Friday, December 30, 2011

Ron Paul, and What We Aren’t Talking About

Ron Paul is in the news, and he has a serious shot at winning Iowa, so I think it’s time I finally weigh in… though not on what I think of him (I don’t need a paragraph, let alone an essay, to say that I would never support him).

I also have no need in weighing on the question of whether Ron Paul will be the nomi… pffft HA HA HA, sorry, sorry… I couldn’t even finish that sentence. Paul will never be the nominee. Paul has a better shot at winning a Democratic Party nomination than a Republican Party nomination in his lifetime.

But his campaign isn’t empty or futile, and it may have far-reaching ramifications.

One thing to consider is how this will affect the Republican Party. I predict that Romney will be the nominee and will lose to Obama. If this happens, I really think the Republican Party will “soul search,” or whatever it is that evil, soulless trolls do when they reassess things (I guess pray?). If Democrats somehow manage to win 2016 on top of all of this (if I had to guess who could, I would bet it would be Hillary Clinton), I bet the odds of the Republican Party radically altering itself goes through the roof.

One direction the Republicans might take is towards courting Libertarianism. While not a popular ideology among traditional (i.e. old) Republicans, it is the most popular right-leaning, conservative stance among the young. Young people see through the Neo-Con bullshit. People under 35 have no interest in marginalizing gay people, racial minorities, women, immigrants, non-Christians… or really any of the groups that Republicans traditionally rally around hating. If the Republican Party has a future, it’s probably in Libertarianism.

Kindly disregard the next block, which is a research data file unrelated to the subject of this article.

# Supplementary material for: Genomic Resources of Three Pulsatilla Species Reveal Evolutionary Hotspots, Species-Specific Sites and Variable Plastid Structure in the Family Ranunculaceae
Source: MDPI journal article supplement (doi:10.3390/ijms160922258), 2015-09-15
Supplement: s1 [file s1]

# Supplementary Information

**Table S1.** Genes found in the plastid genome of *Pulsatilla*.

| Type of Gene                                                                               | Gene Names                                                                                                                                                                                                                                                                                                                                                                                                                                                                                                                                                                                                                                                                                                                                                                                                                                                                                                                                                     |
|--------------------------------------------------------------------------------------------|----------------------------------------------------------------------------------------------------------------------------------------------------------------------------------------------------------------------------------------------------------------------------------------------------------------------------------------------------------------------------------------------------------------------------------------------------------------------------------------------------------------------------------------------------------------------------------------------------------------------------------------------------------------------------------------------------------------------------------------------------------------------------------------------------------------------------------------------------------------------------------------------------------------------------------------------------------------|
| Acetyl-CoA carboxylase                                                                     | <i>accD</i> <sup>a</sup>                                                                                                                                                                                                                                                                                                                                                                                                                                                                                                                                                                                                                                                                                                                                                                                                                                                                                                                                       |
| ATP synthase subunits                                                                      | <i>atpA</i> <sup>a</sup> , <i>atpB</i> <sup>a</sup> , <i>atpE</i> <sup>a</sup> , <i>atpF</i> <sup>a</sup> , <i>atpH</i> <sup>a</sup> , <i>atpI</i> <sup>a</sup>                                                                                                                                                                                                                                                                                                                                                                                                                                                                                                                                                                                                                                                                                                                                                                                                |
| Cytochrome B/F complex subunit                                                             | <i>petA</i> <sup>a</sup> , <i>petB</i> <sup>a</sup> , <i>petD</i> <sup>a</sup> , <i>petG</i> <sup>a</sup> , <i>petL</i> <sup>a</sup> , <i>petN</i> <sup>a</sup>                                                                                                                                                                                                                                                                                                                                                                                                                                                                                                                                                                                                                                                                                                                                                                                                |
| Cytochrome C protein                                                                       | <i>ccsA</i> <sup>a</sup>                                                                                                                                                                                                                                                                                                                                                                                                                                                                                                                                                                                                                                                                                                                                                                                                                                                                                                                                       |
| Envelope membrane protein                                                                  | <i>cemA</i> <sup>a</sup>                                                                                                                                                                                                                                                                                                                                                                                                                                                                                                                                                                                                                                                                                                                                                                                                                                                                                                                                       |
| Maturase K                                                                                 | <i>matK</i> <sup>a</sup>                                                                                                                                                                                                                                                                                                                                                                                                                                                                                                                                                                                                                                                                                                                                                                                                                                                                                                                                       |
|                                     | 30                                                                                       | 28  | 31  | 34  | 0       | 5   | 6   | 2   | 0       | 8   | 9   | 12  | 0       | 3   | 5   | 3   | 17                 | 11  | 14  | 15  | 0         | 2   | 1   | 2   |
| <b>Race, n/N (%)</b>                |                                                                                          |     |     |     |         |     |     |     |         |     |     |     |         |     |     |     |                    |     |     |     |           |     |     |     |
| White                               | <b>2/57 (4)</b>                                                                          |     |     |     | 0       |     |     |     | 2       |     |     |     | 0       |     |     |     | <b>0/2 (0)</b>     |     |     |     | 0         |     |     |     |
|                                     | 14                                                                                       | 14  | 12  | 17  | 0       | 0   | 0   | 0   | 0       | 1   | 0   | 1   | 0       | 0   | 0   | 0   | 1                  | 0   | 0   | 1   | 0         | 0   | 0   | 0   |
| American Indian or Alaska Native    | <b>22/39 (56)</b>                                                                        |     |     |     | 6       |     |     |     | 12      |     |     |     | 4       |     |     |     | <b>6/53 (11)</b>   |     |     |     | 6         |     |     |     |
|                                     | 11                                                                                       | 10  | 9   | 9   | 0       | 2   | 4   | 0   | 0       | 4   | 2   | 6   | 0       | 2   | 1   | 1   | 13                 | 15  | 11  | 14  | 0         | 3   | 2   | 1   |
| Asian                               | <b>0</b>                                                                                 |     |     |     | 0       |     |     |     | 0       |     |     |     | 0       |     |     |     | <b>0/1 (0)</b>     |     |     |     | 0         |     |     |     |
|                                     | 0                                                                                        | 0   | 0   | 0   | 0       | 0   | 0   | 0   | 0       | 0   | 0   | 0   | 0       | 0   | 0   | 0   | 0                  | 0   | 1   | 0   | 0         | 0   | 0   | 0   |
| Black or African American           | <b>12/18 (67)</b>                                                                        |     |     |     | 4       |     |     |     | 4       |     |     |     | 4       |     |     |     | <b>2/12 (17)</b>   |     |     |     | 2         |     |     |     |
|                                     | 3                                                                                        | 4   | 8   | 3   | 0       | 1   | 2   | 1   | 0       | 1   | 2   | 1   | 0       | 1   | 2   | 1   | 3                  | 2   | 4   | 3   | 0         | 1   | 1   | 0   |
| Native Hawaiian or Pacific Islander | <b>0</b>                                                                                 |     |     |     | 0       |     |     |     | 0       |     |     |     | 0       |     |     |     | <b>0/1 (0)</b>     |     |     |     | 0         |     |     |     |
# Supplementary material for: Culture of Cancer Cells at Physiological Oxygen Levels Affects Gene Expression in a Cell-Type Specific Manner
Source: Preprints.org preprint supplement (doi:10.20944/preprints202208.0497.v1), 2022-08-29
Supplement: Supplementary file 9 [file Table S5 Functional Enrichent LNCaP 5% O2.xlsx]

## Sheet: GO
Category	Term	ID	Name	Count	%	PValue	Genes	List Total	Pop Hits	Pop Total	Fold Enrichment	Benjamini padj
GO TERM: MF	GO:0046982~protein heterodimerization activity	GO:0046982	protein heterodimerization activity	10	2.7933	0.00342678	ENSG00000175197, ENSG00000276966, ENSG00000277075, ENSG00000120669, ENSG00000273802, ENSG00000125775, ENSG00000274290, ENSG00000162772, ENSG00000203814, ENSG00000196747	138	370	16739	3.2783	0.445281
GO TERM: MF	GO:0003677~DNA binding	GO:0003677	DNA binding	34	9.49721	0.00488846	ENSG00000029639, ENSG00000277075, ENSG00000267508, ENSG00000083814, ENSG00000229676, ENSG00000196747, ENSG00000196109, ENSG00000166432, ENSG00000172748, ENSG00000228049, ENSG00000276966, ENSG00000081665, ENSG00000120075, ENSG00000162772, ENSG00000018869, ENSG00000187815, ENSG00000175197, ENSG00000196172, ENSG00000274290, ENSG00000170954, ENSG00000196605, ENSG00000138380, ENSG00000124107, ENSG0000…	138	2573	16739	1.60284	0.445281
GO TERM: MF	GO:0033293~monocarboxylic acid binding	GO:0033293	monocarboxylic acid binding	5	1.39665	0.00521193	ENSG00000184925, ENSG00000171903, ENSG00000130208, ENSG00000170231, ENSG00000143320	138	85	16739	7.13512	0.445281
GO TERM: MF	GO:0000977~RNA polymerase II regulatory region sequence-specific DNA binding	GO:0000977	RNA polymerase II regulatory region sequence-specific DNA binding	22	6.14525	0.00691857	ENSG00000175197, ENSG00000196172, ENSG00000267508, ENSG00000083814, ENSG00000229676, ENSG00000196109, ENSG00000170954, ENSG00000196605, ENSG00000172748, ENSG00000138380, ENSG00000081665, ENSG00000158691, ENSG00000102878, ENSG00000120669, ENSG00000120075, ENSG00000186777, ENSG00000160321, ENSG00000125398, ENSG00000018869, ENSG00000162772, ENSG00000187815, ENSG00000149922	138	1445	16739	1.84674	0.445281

Ron Paul isn’t many things: sane, relevant, informed, probably not electable outside of Texas… but he is a libertarian, and those other four things have never been important for a Republican nominee. Ron Paul may be the model for future Republican presidential candidates, I just doubt he’ll live to see it happen (I’m thinking maybe by 2020, when Paul would be 91).

But Paul isn’t totally out quite yet, so it’s not just about his legacy. Paul won’t be running for re-election to his house seat, which he’s had for so long that he’s probably unsure of how he’ll pack up his office without the help of the slaves who helped him move in. This presidential run is potentially the last election for Paul, and while I am confident he won’t get the nomination, he just might pull a Nader.

If Paul runs as an Independent or Libertarian and draws votes away from Romney, you can ignore [more than you would otherwise] all of that stuff I said earlier. If people blame Paul and the Libertarians for Obama getting re-elected (and don’t kid yourselves, Obama will likely win either way), you can probably forget about Republicans and Libertarians ever getting along. In fact, it might spur the long-stalled rise of the Libertarian Party, which has tried in vain to be politically relevant since the 70s.

Libertarians have often just been people who vote Republican and don’t have the balls to admit so in public, but there are others who have merely identified with the Libertarian ideals while acknowledging the party not currently viable. Many libertarians are basically like me: they abstain from voting, especially for the office of president, not out of a lack of interest, but from frustration at the “choice” we have forced upon us by the lowest common denominators on both sides.

In many ways, I am rooting for Libertarians to come into their own, not just slowly infiltrate the Republican party. While I’m not Libertarian, I do favor Libertarianism over Republicanism, and more than that, I would love for a more diverse political landscape in America.

But it’s all up in the air. I’m merely speculating on what I think could happen. I am confident of one thing, however: Ron Paul will leave a mark on American politics that will far exceed his results in this, probably his final presidential bid or political race of any kind.

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